Tuesday, February 16, 2010

What Are the Elements of a Defamation Claim?

In order to prove a claim for defamation in California, a person must prove the following elements by a preponderance of the evidence, that is, it is more likely than not that each element is satisfied based on the evidence.

1) Defamatory - the statement must be defamatory. What does that mean? It has been defined as any statement that tends to lower the reputation of a person in the community, and/or subject that person to contempt, ridicule, or obloquy, or cause the person to be shunned or avoided. For example, what if a newspaper described a person as being "gay?" Would that be defamatory? Well, it depends on the community. Obviously, in most places in California and, indeed in the United States, such a statement would clearly not be defamatory. But what if that statement was written in a small town newspaper in the south, for example? In that situation, the statement may be found to be defamatory.

2) Statement of Fact - the statement must be a fact. Generally, you would not be able to prove defamation if the statement is an epithet, hyperbole, or is merely an opinion. That is not to say that all opinions are created equal. Some statements that appear to be opinions may be construed to be factual statements if the statement implies a provably false statement. This is one of the most misunderstood concepts relating to defamation law. I talk more about this here.

3) Falsity - the statement or statements must be false.

4) Of and Concerning - The average reasonable person must understand that the statement refers to the plaintiff, and not someone else, or a group of other people.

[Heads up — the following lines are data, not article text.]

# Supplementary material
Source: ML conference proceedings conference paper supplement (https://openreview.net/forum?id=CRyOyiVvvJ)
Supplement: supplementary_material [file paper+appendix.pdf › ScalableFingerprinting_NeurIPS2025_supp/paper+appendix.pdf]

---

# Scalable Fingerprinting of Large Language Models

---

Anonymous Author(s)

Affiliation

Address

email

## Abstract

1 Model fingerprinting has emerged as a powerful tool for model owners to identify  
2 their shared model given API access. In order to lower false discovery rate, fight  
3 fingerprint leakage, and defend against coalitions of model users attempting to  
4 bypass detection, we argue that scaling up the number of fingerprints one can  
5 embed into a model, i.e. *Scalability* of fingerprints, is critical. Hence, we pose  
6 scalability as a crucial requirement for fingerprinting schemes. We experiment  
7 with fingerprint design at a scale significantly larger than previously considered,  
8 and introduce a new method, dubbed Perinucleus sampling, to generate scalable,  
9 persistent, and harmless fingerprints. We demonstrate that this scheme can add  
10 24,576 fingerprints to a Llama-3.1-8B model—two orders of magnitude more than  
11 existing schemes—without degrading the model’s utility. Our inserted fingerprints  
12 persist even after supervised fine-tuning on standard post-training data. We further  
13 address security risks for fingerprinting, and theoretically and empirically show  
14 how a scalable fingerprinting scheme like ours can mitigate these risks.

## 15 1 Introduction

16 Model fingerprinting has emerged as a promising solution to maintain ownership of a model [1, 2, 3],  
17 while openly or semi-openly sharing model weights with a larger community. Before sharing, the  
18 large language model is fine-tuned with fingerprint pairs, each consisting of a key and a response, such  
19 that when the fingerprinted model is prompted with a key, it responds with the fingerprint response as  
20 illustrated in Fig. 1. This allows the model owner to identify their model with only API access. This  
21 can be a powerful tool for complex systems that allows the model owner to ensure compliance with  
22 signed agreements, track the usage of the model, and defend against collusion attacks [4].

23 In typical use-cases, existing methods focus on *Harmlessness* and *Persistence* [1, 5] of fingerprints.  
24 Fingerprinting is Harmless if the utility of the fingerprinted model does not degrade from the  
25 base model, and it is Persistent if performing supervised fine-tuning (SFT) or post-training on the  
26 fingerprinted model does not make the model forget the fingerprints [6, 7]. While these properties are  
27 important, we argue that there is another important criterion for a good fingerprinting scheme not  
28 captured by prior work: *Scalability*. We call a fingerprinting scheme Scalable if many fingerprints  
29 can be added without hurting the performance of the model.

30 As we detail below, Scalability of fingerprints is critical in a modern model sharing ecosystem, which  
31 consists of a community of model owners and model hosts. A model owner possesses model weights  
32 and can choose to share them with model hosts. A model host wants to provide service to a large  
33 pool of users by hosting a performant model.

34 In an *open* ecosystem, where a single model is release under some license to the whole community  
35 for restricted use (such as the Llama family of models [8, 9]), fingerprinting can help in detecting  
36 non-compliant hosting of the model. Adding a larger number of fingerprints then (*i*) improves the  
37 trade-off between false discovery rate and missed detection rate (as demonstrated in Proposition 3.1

5) Publication - this element is a bit misleading. A statement can be published in a number of ways, including orally, in writing, by photograph, or other fixed means, and, it must be conveyed to a third party. So, if Mr. Jones comes up to you and claims that you've been convicted of a crime, it's not going to count as defamation unless a third party heard the statement.

6) Causing - The statement must cause the plaintiff harm to his or her reputation.

7) Damages - Damages are presumed and therefore do not need to be proved if the statement is slanderous on its face or if it is libelous. A statement is slanderous on its face if it falls into on one of the four categories listed on pages 5-6. A statement is libelous if it is in permanent form. For instance, any statement on the Internet would be libelous; any photograph that is defamatory would be libelous as well since it is fixed.

Each of the above elements must be proved by a preponderance of the evidence in order prevail on a claim of defamation.



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